Electronic cigarettes and nicotine patches are equally effective at helping smokers quit, according to findings from what’s thought to be the first clinical trial to compare the two methods.
However, e-cigarettes were more effective in reducing cigarette use among smokers who didn’t quit.
E-cigarettes are battery-powered devices that deliver nicotine, flavorings and other chemicals. They turn these substances into vapor that is inhaled by the user.
The new study included 657 smokers who used either e-cigarettes, fake e-cigarettes (they didn’t contain any nicotine) or nicotine patches for 13 weeks. At the end of the six-month study, about 6 percent of the participants had successfully quit.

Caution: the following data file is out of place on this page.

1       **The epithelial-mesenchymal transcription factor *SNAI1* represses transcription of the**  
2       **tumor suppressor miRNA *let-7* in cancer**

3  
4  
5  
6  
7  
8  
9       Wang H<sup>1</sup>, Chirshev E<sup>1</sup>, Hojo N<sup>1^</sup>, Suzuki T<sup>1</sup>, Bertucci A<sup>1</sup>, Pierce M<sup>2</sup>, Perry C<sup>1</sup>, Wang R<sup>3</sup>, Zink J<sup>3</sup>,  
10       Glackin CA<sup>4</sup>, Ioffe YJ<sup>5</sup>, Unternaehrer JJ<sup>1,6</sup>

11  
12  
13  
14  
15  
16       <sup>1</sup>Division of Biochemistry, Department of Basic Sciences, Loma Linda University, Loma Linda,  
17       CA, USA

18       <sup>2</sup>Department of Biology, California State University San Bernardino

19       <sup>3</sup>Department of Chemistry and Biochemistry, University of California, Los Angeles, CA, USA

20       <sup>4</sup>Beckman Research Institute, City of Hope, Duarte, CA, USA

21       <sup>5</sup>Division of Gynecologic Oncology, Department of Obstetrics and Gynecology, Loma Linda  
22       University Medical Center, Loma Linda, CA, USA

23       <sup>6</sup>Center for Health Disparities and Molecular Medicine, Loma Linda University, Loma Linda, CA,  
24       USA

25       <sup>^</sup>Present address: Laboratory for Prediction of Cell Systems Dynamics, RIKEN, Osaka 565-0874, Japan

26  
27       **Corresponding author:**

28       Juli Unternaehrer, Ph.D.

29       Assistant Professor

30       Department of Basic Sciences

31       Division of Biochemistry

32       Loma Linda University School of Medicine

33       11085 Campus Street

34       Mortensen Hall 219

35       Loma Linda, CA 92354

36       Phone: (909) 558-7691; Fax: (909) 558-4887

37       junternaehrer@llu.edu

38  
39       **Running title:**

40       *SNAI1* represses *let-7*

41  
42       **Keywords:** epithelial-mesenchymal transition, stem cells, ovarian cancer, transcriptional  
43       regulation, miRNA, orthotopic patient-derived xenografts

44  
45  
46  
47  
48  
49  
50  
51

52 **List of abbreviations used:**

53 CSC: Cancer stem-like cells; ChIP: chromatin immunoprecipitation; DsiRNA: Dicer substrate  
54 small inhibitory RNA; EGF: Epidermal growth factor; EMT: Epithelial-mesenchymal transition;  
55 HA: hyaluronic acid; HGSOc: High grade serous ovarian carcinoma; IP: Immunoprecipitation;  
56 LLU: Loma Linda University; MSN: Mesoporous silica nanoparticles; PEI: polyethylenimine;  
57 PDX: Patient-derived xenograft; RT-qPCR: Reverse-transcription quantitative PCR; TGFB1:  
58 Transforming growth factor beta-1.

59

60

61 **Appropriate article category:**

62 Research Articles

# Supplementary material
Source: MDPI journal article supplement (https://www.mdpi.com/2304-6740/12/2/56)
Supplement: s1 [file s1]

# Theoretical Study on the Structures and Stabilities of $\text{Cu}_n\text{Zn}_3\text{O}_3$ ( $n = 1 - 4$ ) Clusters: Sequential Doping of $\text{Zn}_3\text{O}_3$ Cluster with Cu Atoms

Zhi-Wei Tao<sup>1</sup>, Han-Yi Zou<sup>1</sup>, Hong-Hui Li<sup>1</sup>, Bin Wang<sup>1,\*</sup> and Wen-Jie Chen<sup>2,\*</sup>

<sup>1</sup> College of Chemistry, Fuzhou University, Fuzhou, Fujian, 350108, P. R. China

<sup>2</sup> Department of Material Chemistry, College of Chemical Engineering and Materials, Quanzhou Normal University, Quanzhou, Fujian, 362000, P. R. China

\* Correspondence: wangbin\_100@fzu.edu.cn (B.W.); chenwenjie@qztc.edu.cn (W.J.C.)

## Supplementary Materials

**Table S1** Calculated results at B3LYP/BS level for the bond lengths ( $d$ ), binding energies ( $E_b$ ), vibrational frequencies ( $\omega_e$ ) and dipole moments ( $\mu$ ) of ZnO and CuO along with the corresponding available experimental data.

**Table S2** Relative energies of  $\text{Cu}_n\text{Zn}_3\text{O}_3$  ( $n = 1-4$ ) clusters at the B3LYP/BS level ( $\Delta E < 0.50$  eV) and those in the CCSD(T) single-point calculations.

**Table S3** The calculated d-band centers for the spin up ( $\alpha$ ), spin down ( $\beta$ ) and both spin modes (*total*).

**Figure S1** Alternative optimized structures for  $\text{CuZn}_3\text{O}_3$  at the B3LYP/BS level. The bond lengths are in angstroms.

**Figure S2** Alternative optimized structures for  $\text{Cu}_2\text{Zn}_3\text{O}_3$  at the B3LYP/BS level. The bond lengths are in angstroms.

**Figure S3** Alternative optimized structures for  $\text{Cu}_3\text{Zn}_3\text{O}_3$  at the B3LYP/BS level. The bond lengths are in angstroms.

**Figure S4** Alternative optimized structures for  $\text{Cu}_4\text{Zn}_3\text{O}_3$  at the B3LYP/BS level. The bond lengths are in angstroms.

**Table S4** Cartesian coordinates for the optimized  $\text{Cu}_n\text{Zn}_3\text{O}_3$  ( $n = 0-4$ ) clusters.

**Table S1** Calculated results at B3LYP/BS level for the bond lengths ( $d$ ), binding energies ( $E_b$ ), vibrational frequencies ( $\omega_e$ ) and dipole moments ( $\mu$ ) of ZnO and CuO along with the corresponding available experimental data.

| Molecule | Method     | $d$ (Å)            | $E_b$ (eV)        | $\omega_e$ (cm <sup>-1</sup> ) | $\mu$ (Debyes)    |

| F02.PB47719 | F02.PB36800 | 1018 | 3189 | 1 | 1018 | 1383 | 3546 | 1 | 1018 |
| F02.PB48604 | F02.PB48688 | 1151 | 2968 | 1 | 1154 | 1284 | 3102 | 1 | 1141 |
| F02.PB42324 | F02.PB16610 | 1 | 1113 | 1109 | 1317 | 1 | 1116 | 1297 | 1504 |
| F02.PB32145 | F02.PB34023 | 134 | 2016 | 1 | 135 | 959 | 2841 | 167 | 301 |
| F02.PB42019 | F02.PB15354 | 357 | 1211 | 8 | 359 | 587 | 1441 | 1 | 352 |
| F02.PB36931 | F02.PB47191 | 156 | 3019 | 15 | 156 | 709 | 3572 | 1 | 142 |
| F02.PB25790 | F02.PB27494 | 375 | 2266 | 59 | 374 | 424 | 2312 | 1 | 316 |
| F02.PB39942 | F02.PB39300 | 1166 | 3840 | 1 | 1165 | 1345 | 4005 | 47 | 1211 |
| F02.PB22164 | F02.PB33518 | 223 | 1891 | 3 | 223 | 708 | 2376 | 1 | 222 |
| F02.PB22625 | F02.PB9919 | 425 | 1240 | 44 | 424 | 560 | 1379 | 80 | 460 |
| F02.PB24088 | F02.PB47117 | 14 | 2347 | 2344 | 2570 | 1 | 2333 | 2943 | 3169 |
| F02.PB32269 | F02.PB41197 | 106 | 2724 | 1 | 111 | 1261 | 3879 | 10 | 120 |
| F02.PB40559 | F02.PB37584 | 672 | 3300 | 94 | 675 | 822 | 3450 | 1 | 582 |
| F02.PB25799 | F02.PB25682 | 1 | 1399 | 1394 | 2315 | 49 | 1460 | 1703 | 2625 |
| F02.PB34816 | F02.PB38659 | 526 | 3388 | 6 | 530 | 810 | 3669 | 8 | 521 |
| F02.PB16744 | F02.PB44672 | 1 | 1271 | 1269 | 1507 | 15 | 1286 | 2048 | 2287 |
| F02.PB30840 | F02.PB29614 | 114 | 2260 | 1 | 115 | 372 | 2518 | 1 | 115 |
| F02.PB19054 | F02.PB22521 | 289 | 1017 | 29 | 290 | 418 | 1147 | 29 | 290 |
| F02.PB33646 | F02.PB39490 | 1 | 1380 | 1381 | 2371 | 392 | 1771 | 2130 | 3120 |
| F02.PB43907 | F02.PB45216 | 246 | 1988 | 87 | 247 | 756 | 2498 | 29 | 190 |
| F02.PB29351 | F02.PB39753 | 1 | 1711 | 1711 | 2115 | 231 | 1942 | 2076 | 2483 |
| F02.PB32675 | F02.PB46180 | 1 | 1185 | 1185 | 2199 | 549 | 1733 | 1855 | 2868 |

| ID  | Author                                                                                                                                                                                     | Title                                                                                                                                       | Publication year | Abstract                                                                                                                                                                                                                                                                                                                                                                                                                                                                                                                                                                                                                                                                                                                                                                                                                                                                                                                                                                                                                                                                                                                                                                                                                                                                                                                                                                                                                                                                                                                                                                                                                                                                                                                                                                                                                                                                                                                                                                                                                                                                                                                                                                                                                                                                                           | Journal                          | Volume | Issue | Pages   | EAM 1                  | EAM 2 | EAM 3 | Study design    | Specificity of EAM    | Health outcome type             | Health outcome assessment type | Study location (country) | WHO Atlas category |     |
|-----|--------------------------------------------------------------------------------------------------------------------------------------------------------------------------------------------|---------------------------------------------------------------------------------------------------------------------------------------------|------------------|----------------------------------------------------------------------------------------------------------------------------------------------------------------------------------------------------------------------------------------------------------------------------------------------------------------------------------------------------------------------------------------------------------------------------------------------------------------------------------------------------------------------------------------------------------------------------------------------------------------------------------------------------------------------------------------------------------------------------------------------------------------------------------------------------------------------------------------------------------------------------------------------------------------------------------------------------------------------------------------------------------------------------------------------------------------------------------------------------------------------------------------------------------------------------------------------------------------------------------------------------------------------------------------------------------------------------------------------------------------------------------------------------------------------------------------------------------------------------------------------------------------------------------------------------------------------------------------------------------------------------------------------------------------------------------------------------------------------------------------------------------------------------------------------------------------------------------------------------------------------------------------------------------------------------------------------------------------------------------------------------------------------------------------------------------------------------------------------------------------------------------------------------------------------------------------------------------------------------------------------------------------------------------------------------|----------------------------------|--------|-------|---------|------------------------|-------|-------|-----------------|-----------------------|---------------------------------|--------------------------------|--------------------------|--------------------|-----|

Rates of those who successfully quit were 7.3 percent in the e-cigarette group, 5.8 percent in the nicotine patch group and 4.1 percent in the fake e-cigarette group.
These differences were not statistically significant, according to study leader Chris Bullen, director of the National Institute for Health Innovation at the University of Auckland in New Zealand, and colleagues.
The findings suggest that e-cigarettes are comparable to nicotine patches in helping people quit smoking for at least six months.